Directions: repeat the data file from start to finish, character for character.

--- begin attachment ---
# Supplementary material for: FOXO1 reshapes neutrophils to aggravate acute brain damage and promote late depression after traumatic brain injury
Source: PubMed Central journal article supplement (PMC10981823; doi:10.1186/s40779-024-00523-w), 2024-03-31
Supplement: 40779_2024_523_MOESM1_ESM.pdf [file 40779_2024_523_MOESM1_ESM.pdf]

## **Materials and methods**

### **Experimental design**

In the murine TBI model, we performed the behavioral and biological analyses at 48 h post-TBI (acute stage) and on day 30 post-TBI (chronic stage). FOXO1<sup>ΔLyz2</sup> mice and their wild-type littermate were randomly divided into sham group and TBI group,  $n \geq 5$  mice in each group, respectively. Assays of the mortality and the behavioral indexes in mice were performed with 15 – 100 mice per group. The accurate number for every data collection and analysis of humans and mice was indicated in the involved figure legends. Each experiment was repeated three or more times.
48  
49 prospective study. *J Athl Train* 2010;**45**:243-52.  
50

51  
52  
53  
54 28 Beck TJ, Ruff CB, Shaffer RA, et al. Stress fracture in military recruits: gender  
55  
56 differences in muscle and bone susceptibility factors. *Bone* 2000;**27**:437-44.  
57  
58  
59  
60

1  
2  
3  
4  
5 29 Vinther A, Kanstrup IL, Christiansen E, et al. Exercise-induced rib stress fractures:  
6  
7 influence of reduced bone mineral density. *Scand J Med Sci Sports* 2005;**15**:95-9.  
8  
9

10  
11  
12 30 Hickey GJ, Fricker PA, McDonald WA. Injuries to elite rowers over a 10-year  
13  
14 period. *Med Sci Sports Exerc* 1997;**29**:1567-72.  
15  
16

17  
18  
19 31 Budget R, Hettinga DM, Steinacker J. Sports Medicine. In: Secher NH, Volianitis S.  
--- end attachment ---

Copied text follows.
# Supplementary material for: FOXO1 reshapes neutrophils to aggravate acute brain damage and promote late depression after traumatic brain injury
Source: PubMed Central journal article supplement (PMC10981823; doi:10.1186/s40779-024-00523-w), 2024-03-31
Supplement: 40779_2024_523_MOESM1_ESM.pdf [file 40779_2024_523_MOESM1_ESM.pdf]

## **Materials and methods**

### **Experimental design**

In the murine TBI model, we performed the behavioral and biological analyses at 48 h post-TBI (acute stage) and on day 30 post-TBI (chronic stage). FOXO1<sup>ΔLyz2</sup> mice and their wild-type littermate were randomly divided into sham group and TBI group,  $n \geq 5$  mice in each group, respectively. Assays of the mortality and the behavioral indexes in mice were performed with 15 – 100 mice per group. The accurate number for every data collection and analysis of humans and mice was indicated in the involved figure legends. Each experiment was repeated three or more times.
48  
49 prospective study. *J Athl Train* 2010;**45**:243-52.  
50

51  
52  
53  
54 28 Beck TJ, Ruff CB, Shaffer RA, et al. Stress fracture in military recruits: gender  
55  
56 differences in muscle and bone susceptibility factors. *Bone* 2000;**27**:437-44.  
57  
58  
59  
60

1  
2  
3  
4  
5 29 Vinther A, Kanstrup IL, Christiansen E, et al. Exercise-induced rib stress fractures:  
6  
7 influence of reduced bone mineral density. *Scand J Med Sci Sports* 2005;**15**:95-9.  
8  
9

10  
11  
12 30 Hickey GJ, Fricker PA, McDonald WA. Injuries to elite rowers over a 10-year  
13  
14 period. *Med Sci Sports Exerc* 1997;**29**:1567-72.  
15  
16

17  
18  
19 31 Budget R, Hettinga DM, Steinacker J. Sports Medicine. In: Secher NH, Volianitis S.  